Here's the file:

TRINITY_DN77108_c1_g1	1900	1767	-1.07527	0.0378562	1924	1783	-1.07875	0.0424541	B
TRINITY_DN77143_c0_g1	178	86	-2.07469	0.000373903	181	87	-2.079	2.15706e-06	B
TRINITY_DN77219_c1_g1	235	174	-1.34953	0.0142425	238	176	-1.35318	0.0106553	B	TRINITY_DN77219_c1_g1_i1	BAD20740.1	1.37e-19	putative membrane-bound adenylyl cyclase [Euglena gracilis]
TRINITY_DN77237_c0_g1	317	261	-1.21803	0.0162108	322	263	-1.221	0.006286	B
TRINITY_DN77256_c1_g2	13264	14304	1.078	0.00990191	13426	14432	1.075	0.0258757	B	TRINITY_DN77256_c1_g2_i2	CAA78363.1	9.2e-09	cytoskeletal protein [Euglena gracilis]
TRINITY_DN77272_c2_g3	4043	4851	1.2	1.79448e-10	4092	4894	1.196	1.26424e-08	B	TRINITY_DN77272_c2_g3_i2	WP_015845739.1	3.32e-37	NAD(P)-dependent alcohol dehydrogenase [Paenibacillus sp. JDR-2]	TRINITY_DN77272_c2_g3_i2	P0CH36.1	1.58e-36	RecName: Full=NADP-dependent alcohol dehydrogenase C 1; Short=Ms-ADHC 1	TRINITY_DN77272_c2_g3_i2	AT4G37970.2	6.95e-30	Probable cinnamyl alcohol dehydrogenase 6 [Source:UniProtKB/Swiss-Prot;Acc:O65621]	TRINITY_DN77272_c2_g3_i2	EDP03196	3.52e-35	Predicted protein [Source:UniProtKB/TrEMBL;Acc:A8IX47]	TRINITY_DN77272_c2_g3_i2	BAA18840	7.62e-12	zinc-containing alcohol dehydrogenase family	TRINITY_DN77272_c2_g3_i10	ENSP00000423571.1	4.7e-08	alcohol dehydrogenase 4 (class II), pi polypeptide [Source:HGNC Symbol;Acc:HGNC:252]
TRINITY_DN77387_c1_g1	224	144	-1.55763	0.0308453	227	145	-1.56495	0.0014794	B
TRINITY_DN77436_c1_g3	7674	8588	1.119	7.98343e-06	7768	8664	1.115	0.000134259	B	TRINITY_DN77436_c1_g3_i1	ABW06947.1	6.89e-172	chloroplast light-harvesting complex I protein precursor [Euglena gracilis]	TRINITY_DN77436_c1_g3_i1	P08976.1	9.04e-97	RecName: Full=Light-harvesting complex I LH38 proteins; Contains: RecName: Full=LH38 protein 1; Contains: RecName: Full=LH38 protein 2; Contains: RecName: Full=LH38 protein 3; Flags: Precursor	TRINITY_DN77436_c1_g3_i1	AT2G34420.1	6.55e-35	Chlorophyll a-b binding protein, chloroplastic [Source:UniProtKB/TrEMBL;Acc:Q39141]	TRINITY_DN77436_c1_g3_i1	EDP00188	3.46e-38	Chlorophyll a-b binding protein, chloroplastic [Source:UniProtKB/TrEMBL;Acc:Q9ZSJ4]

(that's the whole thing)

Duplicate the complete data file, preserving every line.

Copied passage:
TRINITY_DN77108_c1_g1	1900	1767	-1.07527	0.0378562	1924	1783	-1.07875	0.0424541	B
TRINITY_DN77143_c0_g1	178	86	-2.07469	0.000373903	181	87	-2.079	2.15706e-06	B
TRINITY_DN77219_c1_g1	235	174	-1.34953	0.0142425	238	176	-1.35318	0.0106553	B	TRINITY_DN77219_c1_g1_i1	BAD20740.1	1.37e-19	putative membrane-bound adenylyl cyclase [Euglena gracilis]
TRINITY_DN77237_c0_g1	317	261	-1.21803	0.0162108	322	263	-1.221	0.006286	B
TRINITY_DN77256_c1_g2	13264	14304	1.078	0.00990191	13426	14432	1.075	0.0258757	B	TRINITY_DN77256_c1_g2_i2	CAA78363.1	9.2e-09	cytoskeletal protein [Euglena gracilis]
TRINITY_DN77272_c2_g3	4043	4851	1.2	1.79448e-10	4092	4894	1.196	1.26424e-08	B	TRINITY_DN77272_c2_g3_i2	WP_015845739.1	3.32e-37	NAD(P)-dependent alcohol dehydrogenase [Paenibacillus sp. JDR-2]	TRINITY_DN77272_c2_g3_i2	P0CH36.1	1.58e-36	RecName: Full=NADP-dependent alcohol dehydrogenase C 1; Short=Ms-ADHC 1	TRINITY_DN77272_c2_g3_i2	AT4G37970.2	6.95e-30	Probable cinnamyl alcohol dehydrogenase 6 [Source:UniProtKB/Swiss-Prot;Acc:O65621]	TRINITY_DN77272_c2_g3_i2	EDP03196	3.52e-35	Predicted protein [Source:UniProtKB/TrEMBL;Acc:A8IX47]	TRINITY_DN77272_c2_g3_i2	BAA18840	7.62e-12	zinc-containing alcohol dehydrogenase family	TRINITY_DN77272_c2_g3_i10	ENSP00000423571.1	4.7e-08	alcohol dehydrogenase 4 (class II), pi polypeptide [Source:HGNC Symbol;Acc:HGNC:252]
TRINITY_DN77387_c1_g1	224	144	-1.55763	0.0308453	227	145	-1.56495	0.0014794	B
TRINITY_DN77436_c1_g3	7674	8588	1.119	7.98343e-06	7768	8664	1.115	0.000134259	B	TRINITY_DN77436_c1_g3_i1	ABW06947.1	6.89e-172	chloroplast light-harvesting complex I protein precursor [Euglena gracilis]	TRINITY_DN77436_c1_g3_i1	P08976.1	9.04e-97	RecName: Full=Light-harvesting complex I LH38 proteins; Contains: RecName: Full=LH38 protein 1; Contains: RecName: Full=LH38 protein 2; Contains: RecName: Full=LH38 protein 3; Flags: Precursor	TRINITY_DN77436_c1_g3_i1	AT2G34420.1	6.55e-35	Chlorophyll a-b binding protein, chloroplastic [Source:UniProtKB/TrEMBL;Acc:Q39141]	TRINITY_DN77436_c1_g3_i1	EDP00188	3.46e-38	Chlorophyll a-b binding protein, chloroplastic [Source:UniProtKB/TrEMBL;Acc:Q9ZSJ4]